Now, I realize that the NCAA has already deemed judgement on the discounted tattoo's that Pryor, Herron, Posey, Thomas and Whiting received- in which case, the NCAA helped to make tOSU's situation an "eligibility" issue. Read: not a "non-compliance" issue. As we all know, the NCAA categorically reinstated those players so that they could play in their Sugar Bowl win over Arkansas, but "punished" them by making them ineligible for the first 5 games of this upcoming season. This is where things get weird. . .
. . . .because, it doesn't take much to find out that TattooGate took place towards the end of the 2008/'09 season and the early part of the 2009/'10 college football season. This would put tOSU right smack dab in the third and final year of the 3-year probationary period stemming from penalties arising from OSU basketball player, Boban Savovic's infractions case of receiving improper benefits under ex-Coach Jim O'Brien's tenure.
To some, including the NCAA- the Tattoo 5 thing might be water under the bridge- meaning, the NCAA might NOT elect to revisit the actual infractions committed by those players who received discounted tattoos and sold off team equipment as part of memorabilia items that they profited from. But even still, in light of Coach Jim Tresel's new allegations surrounding non-compliance rules violations regarding the same 5 players- and the fact that his acts, as well as the players took place during a time that OSU was on probation- shouldn't the Ohio State University be looking at Lack of Institutional Control charges right about now? In the least, they should be facing Failure to Monitor charges.
They had players receiving improper benefits (they just weren't properly educated, right?) and a head coach who knowing lied to the NCAA (report) and school administrators (totally non-compliant related issues) and Ohio State has self-reported numerous secondary violations in recent years.
I don't dislike the Buckeyes in any way, shape or form, but if the NCAA doesn't delve into the deeper issues surrounding their athletic program- then they should have no authority running college athletic rules and compliance enforcement WHATSOEVER!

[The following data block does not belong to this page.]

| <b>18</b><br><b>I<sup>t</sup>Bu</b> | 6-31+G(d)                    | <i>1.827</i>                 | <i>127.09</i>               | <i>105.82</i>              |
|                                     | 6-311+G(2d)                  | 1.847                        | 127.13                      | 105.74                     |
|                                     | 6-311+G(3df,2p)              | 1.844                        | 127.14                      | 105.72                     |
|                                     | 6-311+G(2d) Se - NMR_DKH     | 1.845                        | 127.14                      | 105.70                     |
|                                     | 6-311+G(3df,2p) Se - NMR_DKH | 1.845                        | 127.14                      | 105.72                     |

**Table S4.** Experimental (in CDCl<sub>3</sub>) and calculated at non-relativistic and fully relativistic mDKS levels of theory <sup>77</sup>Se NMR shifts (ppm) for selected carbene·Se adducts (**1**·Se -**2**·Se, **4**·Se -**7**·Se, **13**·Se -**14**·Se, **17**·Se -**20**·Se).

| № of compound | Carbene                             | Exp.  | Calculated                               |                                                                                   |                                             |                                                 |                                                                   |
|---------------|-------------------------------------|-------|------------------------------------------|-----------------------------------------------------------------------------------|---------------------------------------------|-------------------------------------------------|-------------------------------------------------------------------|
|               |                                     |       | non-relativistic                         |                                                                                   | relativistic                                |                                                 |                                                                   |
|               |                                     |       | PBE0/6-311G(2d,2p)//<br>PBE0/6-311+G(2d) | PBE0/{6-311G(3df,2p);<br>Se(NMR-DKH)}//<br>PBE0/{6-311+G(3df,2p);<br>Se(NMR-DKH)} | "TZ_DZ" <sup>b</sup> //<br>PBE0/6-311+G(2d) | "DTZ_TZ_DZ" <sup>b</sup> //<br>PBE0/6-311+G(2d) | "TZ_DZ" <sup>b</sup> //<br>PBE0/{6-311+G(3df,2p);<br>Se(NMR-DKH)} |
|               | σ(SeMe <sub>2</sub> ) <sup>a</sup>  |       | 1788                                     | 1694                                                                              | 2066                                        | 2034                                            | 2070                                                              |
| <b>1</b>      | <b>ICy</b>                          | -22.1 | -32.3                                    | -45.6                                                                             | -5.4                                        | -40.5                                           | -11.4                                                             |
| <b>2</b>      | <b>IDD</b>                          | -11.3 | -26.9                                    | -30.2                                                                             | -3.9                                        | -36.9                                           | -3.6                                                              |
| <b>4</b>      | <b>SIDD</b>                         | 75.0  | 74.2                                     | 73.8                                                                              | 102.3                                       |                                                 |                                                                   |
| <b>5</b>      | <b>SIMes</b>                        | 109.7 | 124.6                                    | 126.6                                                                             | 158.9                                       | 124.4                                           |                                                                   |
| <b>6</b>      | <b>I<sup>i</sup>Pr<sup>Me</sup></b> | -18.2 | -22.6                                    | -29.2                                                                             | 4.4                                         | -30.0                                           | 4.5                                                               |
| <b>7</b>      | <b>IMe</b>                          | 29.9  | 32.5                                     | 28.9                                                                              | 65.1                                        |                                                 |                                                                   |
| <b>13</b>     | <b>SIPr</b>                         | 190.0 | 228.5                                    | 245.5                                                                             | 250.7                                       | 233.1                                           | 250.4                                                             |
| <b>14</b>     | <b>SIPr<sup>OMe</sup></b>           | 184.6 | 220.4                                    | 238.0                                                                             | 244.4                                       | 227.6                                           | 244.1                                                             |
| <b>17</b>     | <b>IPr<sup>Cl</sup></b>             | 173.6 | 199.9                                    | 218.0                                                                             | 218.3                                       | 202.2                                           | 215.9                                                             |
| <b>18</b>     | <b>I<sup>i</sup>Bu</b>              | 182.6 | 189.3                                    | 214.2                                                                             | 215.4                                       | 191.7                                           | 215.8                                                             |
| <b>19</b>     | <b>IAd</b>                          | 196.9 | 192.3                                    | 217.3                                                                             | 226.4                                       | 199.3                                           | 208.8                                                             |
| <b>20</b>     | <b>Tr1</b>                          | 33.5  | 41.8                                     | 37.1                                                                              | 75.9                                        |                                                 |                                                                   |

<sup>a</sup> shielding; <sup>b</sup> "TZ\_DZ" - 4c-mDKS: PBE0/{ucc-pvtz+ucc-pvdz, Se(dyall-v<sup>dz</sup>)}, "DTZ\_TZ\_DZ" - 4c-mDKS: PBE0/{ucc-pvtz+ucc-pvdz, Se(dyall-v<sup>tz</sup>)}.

Here is a late-entry link to this post regarding the Tattoo 5 scandal that rocked tOSU late last year. I'll highlight two parts of it:
"Pryor and four teammates were suspended Thursday by the NCAA for the first five games of next season for selling championship rings, jerseys and awards. They also received improper benefits – from up to two years ago – from the tattoo parlor and its owner." -1
"'These are significant penalties based on findings and information provided by the university,' Kevin Lennon, NCAA vice president of academic and membership affairs, said in a statement.
Lennon said a game was added to the usual four-game penalty because the players did not "immediately disclose the violations when presented with the appropriate rules education."
There are seven full-time staffers and two interns in Ohio State's compliance department. [OSU A.D. Gene] Smith said they were complicit in the violations because they didn't make it "explicit" to players they weren't permitted to receive such benefits." -2
[second edit] On the NCAA.org page, go to FAQ sidebar and highlight the pertinent listing under LOIC/FTM- I found this gem. It should, but won't apply to ex-Coach Jim Tressel:
Can individuals be charged with a lack of institutional control or failure to monitor?
Yes. Coaches and staff members can be held personally responsible for failing to adequately monitor and exercise appropriate control over rules compliance in an athletics department or within a sport program. NCAA bylaws require head coaches to promote an atmosphere for compliance and to monitor the rules compliance of those who report to them. (straight from the website)